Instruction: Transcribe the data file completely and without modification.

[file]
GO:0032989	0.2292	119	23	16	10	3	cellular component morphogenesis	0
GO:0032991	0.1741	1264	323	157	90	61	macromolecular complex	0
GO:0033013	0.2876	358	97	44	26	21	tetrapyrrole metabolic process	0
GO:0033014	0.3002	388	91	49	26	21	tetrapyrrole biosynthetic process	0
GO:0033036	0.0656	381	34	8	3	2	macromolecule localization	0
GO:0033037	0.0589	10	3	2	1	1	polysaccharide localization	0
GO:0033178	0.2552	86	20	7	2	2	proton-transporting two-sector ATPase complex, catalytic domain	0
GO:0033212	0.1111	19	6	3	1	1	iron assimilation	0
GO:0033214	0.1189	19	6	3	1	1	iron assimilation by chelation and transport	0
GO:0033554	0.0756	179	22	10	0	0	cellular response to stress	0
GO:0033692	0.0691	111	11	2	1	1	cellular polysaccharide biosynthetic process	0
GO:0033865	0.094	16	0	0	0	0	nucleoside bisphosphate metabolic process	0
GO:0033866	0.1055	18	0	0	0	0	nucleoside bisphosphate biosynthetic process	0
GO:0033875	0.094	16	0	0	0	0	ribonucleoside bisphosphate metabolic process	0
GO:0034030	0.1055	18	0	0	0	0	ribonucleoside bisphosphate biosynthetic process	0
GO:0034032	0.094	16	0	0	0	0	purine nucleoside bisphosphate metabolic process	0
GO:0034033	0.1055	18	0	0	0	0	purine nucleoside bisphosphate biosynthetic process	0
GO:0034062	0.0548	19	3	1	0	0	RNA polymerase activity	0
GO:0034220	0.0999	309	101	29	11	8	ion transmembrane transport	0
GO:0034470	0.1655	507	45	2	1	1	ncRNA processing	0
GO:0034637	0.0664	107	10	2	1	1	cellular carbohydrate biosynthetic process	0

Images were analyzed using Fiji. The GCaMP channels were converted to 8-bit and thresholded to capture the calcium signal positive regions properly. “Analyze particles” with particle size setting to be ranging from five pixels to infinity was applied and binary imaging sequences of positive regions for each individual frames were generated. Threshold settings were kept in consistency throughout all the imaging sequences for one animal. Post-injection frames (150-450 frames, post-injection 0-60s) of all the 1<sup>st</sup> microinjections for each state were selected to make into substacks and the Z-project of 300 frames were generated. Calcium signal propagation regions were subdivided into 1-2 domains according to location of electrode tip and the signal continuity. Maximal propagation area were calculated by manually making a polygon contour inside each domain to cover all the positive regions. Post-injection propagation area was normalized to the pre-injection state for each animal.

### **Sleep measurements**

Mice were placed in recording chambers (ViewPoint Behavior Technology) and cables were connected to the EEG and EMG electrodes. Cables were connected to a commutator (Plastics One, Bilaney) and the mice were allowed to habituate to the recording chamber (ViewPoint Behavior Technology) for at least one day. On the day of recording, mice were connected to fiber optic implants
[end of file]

GO:0032989	0.2292	119	23	16	10	3	cellular component morphogenesis	0
GO:0032991	0.1741	1264	323	157	90	61	macromolecular complex	0
GO:0033013	0.2876	358	97	44	26	21	tetrapyrrole metabolic process	0
GO:0033014	0.3002	388	91	49	26	21	tetrapyrrole biosynthetic process	0
GO:0033036	0.0656	381	34	8	3	2	macromolecule localization	0
GO:0033037	0.0589	10	3	2	1	1	polysaccharide localization	0
GO:0033178	0.2552	86	20	7	2	2	proton-transporting two-sector ATPase complex, catalytic domain	0
GO:0033212	0.1111	19	6	3	1	1	iron assimilation	0
GO:0033214	0.1189	19	6	3	1	1	iron assimilation by chelation and transport	0
GO:0033554	0.0756	179	22	10	0	0	cellular response to stress	0
GO:0033692	0.0691	111	11	2	1	1	cellular polysaccharide biosynthetic process	0
GO:0033865	0.094	16	0	0	0	0	nucleoside bisphosphate metabolic process	0
GO:0033866	0.1055	18	0	0	0	0	nucleoside bisphosphate biosynthetic process	0
GO:0033875	0.094	16	0	0	0	0	ribonucleoside bisphosphate metabolic process	0
GO:0034030	0.1055	18	0	0	0	0	ribonucleoside bisphosphate biosynthetic process	0
GO:0034032	0.094	16	0	0	0	0	purine nucleoside bisphosphate metabolic process	0
GO:0034033	0.1055	18	0	0	0	0	purine nucleoside bisphosphate biosynthetic process	0
GO:0034062	0.0548	19	3	1	0	0	RNA polymerase activity	0
GO:0034220	0.0999	309	101	29	11	8	ion transmembrane transport	0
GO:0034470	0.1655	507	45	2	1	1	ncRNA processing	0
GO:0034637	0.0664	107	10	2	1	1	cellular carbohydrate biosynthetic process	0

Images were analyzed using Fiji. The GCaMP channels were converted to 8-bit and thresholded to capture the calcium signal positive regions properly. “Analyze particles” with particle size setting to be ranging from five pixels to infinity was applied and binary imaging sequences of positive regions for each individual frames were generated. Threshold settings were kept in consistency throughout all the imaging sequences for one animal. Post-injection frames (150-450 frames, post-injection 0-60s) of all the 1<sup>st</sup> microinjections for each state were selected to make into substacks and the Z-project of 300 frames were generated. Calcium signal propagation regions were subdivided into 1-2 domains according to location of electrode tip and the signal continuity. Maximal propagation area were calculated by manually making a polygon contour inside each domain to cover all the positive regions. Post-injection propagation area was normalized to the pre-injection state for each animal.

### **Sleep measurements**

Mice were placed in recording chambers (ViewPoint Behavior Technology) and cables were connected to the EEG and EMG electrodes. Cables were connected to a commutator (Plastics One, Bilaney) and the mice were allowed to habituate to the recording chamber (ViewPoint Behavior Technology) for at least one day. On the day of recording, mice were connected to fiber optic implants